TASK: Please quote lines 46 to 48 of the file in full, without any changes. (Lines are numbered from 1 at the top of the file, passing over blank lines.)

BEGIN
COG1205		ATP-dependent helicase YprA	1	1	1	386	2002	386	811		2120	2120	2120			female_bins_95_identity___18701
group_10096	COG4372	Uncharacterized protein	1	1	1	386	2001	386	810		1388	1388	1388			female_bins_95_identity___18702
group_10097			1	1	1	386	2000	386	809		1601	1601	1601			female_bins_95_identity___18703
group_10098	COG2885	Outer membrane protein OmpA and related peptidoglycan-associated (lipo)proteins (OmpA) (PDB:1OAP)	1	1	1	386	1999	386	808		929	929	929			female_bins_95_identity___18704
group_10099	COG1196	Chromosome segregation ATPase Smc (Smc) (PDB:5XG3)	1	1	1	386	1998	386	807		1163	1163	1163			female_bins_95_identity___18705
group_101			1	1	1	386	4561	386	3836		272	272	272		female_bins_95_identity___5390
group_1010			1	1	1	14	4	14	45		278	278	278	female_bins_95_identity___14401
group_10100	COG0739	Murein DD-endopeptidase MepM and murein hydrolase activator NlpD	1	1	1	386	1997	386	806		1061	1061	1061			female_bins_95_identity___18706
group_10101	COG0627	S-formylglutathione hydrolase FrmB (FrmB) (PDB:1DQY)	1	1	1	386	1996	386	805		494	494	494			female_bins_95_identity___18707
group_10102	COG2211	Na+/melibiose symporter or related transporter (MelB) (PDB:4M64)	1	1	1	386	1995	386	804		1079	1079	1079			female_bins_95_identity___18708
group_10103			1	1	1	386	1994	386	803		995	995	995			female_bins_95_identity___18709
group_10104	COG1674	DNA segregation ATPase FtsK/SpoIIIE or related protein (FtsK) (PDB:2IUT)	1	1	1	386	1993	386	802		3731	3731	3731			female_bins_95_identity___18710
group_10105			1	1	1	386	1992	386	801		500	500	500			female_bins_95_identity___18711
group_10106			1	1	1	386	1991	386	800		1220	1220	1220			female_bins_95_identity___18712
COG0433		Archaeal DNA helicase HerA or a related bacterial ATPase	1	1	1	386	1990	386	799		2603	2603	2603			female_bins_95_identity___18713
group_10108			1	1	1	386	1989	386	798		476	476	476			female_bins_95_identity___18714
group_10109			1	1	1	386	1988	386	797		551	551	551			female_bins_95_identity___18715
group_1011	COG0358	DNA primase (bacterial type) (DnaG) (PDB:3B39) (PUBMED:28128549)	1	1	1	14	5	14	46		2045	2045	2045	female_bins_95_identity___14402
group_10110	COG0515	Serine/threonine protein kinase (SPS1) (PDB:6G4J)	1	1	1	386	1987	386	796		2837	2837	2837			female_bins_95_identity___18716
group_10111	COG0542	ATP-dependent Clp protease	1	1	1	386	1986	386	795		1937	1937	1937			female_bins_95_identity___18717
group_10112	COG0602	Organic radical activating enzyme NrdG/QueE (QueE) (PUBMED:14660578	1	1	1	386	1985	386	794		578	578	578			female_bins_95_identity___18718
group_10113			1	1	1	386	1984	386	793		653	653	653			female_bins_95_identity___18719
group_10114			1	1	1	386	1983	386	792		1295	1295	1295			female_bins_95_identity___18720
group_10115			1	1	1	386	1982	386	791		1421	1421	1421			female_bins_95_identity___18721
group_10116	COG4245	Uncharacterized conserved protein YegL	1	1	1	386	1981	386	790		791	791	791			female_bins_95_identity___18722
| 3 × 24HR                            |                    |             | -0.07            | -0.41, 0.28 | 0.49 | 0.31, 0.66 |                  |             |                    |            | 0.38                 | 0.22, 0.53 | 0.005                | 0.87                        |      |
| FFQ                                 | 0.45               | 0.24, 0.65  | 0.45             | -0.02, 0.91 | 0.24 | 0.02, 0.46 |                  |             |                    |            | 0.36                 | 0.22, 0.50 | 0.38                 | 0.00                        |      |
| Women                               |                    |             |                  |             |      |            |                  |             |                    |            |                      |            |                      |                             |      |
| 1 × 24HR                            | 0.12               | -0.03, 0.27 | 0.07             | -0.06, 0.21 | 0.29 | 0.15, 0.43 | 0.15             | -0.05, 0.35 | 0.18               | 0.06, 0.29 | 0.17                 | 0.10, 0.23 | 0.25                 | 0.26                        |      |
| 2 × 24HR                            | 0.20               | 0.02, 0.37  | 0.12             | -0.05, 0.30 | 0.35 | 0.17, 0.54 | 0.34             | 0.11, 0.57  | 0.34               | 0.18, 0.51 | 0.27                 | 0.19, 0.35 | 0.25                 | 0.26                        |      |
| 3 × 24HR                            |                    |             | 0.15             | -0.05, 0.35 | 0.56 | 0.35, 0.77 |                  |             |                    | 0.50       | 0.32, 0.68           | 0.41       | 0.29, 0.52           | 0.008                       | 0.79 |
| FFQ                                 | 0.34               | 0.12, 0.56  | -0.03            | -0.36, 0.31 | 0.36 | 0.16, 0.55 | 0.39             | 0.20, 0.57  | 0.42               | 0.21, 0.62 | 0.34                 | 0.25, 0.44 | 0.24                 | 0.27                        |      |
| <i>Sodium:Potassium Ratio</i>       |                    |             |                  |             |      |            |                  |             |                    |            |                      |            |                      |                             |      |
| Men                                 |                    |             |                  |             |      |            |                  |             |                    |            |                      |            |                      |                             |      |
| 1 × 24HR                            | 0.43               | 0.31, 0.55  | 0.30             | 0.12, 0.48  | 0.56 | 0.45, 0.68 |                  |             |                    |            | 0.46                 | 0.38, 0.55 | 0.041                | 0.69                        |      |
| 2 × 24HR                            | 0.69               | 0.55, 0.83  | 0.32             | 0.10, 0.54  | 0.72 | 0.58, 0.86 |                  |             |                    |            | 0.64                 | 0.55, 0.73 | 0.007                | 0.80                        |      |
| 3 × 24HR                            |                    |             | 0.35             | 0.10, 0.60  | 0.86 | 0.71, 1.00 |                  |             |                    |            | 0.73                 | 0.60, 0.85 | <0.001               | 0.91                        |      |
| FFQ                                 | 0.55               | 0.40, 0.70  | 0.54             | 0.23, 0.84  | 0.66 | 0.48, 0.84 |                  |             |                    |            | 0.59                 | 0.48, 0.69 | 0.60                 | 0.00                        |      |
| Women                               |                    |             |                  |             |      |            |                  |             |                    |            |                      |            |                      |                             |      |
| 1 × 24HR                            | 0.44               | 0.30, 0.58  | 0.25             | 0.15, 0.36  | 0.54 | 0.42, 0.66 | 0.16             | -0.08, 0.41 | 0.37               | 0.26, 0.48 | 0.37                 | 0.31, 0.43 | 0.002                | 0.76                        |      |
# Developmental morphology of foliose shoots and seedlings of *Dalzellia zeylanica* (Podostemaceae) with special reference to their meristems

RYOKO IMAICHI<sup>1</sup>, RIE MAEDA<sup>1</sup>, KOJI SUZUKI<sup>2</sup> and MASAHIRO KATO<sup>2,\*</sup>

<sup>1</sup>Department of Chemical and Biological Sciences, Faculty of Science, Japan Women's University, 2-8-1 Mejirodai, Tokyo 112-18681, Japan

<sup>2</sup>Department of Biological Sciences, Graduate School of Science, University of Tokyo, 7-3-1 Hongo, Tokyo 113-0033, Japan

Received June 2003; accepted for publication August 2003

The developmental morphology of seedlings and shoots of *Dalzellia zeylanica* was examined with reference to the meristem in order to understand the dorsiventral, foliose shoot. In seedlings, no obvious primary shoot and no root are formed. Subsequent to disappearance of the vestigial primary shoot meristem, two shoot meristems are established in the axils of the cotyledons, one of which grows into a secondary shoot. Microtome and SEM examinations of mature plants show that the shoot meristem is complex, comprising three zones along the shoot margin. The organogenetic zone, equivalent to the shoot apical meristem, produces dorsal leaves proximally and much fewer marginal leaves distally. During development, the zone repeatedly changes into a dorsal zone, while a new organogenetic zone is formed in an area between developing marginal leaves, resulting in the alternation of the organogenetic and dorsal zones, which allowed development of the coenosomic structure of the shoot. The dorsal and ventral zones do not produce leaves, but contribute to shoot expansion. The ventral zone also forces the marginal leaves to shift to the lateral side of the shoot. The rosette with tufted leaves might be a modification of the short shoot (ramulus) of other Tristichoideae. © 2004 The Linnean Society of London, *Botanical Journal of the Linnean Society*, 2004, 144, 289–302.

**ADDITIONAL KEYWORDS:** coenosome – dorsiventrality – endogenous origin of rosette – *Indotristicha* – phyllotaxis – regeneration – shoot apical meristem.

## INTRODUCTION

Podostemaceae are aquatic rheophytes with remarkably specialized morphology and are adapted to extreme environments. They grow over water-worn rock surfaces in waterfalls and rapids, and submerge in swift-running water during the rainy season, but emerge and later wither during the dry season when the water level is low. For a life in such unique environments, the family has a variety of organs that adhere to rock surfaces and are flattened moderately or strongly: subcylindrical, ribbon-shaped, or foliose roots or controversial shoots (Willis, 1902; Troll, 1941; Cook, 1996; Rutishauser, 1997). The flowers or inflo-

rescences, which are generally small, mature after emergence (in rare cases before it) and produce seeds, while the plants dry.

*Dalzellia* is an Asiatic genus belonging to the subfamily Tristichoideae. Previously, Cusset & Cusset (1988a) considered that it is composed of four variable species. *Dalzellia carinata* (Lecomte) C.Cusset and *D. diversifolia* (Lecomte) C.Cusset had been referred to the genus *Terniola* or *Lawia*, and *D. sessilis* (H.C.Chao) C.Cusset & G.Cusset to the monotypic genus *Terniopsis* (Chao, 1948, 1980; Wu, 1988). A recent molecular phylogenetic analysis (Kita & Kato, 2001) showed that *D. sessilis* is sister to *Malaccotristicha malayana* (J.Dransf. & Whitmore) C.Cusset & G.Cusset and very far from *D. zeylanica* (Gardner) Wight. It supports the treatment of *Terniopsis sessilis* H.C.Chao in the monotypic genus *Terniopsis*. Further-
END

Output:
The developmental morphology of seedlings and shoots of *Dalzellia zeylanica* was examined with reference to the meristem in order to understand the dorsiventral, foliose shoot. In seedlings, no obvious primary shoot and no root are formed. Subsequent to disappearance of the vestigial primary shoot meristem, two shoot meristems are established in the axils of the cotyledons, one of which grows into a secondary shoot. Microtome and SEM examinations of mature plants show that the shoot meristem is complex, comprising three zones along the shoot margin. The organogenetic zone, equivalent to the shoot apical meristem, produces dorsal leaves proximally and much fewer marginal leaves distally. During development, the zone repeatedly changes into a dorsal zone, while a new organogenetic zone is formed in an area between developing marginal leaves, resulting in the alternation of the organogenetic and dorsal zones, which allowed development of the coenosomic structure of the shoot. The dorsal and ventral zones do not produce leaves, but contribute to shoot expansion. The ventral zone also forces the marginal leaves to shift to the lateral side of the shoot. The rosette with tufted leaves might be a modification of the short shoot (ramulus) of other Tristichoideae. © 2004 The Linnean Society of London, *Botanical Journal of the Linnean Society*, 2004, 144, 289–302.

**ADDITIONAL KEYWORDS:** coenosome – dorsiventrality – endogenous origin of rosette – *Indotristicha* – phyllotaxis – regeneration – shoot apical meristem.

## INTRODUCTION